A New Species of Tyranny

          Chapter Fourteen

 

Jeremy Larkin drew a deep breath and held it.  This was it.  Sergeant Boggs had appeared in the tent door and told them that General Washington would see them.

They were in.

Israel Spencer – coward that he was – lingered near the back of their party, ready to make good his escape should anything go wrong.  Of the near dozen men who had accompanied them, only six had proceeded into camp.  Of those six, four were to be permitted to see the Commander-in-chief.  Him.  Israel Spencer.  And Jude and Pryam.  Jeremy had seen, and knew that both of Spencer’s henchmen had pistols primed and loaded, carried beneath their coats.  He wracked his brain as they started to move, trying to figure out a way to assure the safety of those around him.  If he called out, Spencer would order his men to fire, most likely killing General Washington and perhaps Sergeant Boggs as well.  If he made a pretense of clumsiness, hoping to disarm one of the gunmen, the consequences would be the same.  In the end, Jeremy decided he must place himself between Washington and the assassins and, if it came to it, sacrifice himself to save the Virginian.

It was the least he could do after escorting the Devil himself into his camp.

As they approached the tent, Jeremy noticed Sergeant Boggs watching him.  There was nothing unusual about that.  They had only met a few times before.  But it was the way Boggs watched him, as if the frontiersman sought to read the very matter of his soul. 

Once in the tent, Jeremy halted.  He was surprised to find it nearly pitch black.  On the general’s desk there was a single lantern, but it was partially shuttered.  He frowned and turned to find Sergeant Boggs.  For a second it seemed the older man had disappeared.  Then he realized he had moved to the desk.  “Precautions,” Boggs said as his hand glowed a rich coral red and he lifted the shutter to reveal….

Eight fully armed Continental soldiers set at even paces about the room.

At his back Israel Spencer cursed.  Jeremy felt a rush of wind as the mulatto pivoted and dove for the tent’s opening.  By the time he turned to look, Spencer had been corralled – none too gently – by two of the soldiers and he lay on the tent floor, his powdered face pressed into the dust. 

Pryam had drawn his weapon and been just as roughly handled.  A sharp strike of a rifle’s butt to the back of his head put an end to any thought he might have had of firing.  Upon seeing his cohorts captured, Jude turned the butt of his pistol outward and surrendered without a fight.

And through it all, General Washington was nowhere to be seen.  Thank Providence!  Somehow Sergeant Boggs must have gotten wind of what was happening and spirited the Virginian away to a place of safety.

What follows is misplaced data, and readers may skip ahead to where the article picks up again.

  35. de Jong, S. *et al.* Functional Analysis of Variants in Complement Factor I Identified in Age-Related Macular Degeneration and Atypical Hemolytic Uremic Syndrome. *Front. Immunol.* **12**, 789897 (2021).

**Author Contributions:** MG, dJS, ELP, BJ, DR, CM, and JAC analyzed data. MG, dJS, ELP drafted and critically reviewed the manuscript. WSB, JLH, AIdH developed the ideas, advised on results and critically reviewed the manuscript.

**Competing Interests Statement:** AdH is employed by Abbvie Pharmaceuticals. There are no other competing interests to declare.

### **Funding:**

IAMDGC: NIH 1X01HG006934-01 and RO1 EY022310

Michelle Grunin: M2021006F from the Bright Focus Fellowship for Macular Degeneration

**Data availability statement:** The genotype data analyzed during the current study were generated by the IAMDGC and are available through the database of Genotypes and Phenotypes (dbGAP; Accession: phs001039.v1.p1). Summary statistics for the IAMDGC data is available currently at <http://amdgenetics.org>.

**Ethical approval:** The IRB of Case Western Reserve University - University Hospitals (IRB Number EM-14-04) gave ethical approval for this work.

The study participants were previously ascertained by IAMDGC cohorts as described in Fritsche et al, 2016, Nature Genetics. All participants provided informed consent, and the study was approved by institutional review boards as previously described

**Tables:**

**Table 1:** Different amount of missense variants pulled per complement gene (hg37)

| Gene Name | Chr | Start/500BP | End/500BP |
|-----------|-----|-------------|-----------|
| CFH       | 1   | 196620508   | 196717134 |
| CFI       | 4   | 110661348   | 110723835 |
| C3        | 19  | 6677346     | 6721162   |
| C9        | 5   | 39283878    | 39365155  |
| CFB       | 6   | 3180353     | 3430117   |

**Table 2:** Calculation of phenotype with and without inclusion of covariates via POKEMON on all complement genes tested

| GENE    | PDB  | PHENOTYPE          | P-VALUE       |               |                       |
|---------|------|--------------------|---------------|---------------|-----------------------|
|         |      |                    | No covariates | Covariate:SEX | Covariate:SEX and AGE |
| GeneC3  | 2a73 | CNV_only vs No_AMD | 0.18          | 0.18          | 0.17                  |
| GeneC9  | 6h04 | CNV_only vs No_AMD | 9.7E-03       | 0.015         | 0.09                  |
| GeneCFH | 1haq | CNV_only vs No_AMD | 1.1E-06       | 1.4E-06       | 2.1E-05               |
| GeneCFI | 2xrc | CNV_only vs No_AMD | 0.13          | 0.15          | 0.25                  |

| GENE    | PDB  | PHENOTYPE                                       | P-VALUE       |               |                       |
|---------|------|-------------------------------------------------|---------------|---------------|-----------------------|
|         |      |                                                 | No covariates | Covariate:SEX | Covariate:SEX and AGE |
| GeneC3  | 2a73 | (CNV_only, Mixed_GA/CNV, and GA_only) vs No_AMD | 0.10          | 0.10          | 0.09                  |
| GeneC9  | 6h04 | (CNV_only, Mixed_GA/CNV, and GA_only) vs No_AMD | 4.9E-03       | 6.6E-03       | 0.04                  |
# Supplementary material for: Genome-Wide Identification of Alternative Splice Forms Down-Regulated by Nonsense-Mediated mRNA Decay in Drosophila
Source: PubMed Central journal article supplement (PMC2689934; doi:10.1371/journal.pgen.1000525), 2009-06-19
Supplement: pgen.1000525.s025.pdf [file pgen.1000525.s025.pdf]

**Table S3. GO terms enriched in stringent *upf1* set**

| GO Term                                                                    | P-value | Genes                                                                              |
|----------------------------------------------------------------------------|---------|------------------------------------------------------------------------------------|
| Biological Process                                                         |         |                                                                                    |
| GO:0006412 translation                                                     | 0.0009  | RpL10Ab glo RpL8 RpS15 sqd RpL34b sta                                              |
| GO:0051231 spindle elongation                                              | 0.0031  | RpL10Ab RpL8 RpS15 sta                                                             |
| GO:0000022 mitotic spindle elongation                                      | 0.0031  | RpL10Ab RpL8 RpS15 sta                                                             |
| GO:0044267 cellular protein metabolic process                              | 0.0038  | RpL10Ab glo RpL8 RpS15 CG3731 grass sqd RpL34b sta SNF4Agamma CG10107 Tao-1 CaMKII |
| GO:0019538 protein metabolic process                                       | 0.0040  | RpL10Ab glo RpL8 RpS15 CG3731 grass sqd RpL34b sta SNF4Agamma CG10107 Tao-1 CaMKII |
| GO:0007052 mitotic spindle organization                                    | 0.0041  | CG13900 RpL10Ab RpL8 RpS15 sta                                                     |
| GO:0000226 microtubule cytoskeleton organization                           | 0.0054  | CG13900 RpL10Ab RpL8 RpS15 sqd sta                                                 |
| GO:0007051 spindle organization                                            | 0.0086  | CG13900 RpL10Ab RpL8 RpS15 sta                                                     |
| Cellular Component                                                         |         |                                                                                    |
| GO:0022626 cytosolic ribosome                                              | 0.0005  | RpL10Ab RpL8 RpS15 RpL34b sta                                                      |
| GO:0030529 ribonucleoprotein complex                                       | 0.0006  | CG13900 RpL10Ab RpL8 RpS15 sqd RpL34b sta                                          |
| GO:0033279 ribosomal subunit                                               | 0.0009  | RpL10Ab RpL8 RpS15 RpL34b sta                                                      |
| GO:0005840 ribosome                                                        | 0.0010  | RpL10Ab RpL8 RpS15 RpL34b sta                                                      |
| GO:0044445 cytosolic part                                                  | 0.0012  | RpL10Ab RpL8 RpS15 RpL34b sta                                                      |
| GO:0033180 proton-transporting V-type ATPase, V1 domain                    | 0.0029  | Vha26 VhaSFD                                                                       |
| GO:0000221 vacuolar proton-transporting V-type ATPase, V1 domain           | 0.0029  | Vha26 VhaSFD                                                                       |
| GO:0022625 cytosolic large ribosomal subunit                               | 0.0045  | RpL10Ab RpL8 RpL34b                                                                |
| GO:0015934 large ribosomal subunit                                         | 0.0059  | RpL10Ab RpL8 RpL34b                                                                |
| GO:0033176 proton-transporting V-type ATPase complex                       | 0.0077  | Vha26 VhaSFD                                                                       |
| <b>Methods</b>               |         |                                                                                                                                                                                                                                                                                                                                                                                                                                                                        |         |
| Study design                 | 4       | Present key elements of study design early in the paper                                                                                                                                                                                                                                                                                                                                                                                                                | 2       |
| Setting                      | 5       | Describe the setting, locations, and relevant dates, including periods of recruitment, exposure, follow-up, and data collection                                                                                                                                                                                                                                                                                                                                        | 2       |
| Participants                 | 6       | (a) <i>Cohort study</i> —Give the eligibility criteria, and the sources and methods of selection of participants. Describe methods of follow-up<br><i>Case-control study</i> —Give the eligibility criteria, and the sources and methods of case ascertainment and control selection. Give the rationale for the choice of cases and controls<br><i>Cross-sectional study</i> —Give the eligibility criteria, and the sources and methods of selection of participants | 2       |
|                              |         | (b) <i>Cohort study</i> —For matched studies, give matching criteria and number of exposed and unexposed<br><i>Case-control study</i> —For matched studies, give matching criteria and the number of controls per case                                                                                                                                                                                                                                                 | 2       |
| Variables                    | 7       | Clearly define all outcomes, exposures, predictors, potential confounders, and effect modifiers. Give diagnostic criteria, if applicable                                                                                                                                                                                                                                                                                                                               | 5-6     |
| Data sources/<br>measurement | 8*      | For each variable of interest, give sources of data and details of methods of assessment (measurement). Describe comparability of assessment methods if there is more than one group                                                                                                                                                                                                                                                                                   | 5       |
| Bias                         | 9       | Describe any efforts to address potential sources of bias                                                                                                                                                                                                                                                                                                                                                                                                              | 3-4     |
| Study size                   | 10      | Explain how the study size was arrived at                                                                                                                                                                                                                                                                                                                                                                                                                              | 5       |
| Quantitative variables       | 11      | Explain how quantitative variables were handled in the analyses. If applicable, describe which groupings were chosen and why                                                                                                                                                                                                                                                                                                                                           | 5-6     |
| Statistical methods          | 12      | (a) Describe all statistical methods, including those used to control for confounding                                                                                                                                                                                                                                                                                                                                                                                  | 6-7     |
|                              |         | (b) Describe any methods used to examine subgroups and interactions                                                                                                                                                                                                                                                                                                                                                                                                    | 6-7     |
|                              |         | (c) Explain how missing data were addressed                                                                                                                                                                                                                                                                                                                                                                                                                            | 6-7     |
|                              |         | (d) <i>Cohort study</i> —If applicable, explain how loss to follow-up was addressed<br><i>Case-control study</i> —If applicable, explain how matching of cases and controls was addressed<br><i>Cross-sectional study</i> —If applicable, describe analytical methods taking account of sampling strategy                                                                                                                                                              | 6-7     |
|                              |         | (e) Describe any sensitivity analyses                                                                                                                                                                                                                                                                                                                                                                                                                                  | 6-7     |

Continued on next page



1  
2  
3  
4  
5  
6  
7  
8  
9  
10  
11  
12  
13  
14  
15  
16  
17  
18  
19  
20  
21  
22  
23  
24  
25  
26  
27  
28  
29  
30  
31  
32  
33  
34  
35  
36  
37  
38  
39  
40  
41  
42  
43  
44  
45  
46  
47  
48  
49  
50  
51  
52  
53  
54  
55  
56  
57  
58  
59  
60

After he had made certain Spencer and the others were secured Daniel Boggs turned to him.  “Jeremy Larkin,” he said.

There was something in the sergeant’s tone that made him look up sharply.  He was surprised to find the older man’s eyes clouded with tears.

“Is something wrong, Sergeant?” Jeremy asked.  And then he knew.

It was him. 

He was wrong.

            Boggs squared his shoulders and then pronounced his doom.  “Captain Jeremy Larkin, you are charged with treason, and hereby placed under arrest for the attempted assassination of His Excellency, George Washington, your commander-in-chief.  The penalty for such a crime, if found guilty, is death.” 

###

 Lafayette stared out of the upstairs window in Mayor Larkin’s home at the town of Chester, Pennsylvania which was just on the verge of waking.  The lamplighters had returned to extinguish the fires they had lit the night before, and to trim their wicks in anticipation of the night to come.  Even though it was weakness that confined him, he felt like a little boy sent to bed after the commission of a shameful crime.  His grandmother had had a gentle hand.  Rarely had he been beaten.  Most often, when she was disappointed with him, he had been sent to his room to think.

Just as he was doing now.

Though General Washington had chided him – more than once – for his reliance on spies, the intelligence which they gathered often gave warning of things to come.  He had known, had felt in his young bones that this was a week which they would long remember.  And he had been right.  It had started with the disastrous battle at Brandywine, with the loss of so many good men, and had progressed through the seemingly random shootings of Elizabeth Coates and Mayor Larkin, as well as the attempt on Henry Abington’s life, to this plot of Nysell Hawksworth’s to capture both Yankee Doodle and him and sail back to London a hero – and, no doubt, a very rich man.  Lafayette stirred and ran a hand through his near shoulder-length brown hair.  And then there was the matter of Joshua Spencer, whose foolhardiness might have cost Jeremy Larkin his cover, if not his life.  Added to that was the problem of Nazarus Tome.  He was convinced now that Tome was one of the leaders of the cow-boys who, following Captain Tye’s example in New Jersey, were intent on setting up ‘shop’ in the Chester area, most likely using the guns stolen from Tome’s master, the same Nysell Hawksworth.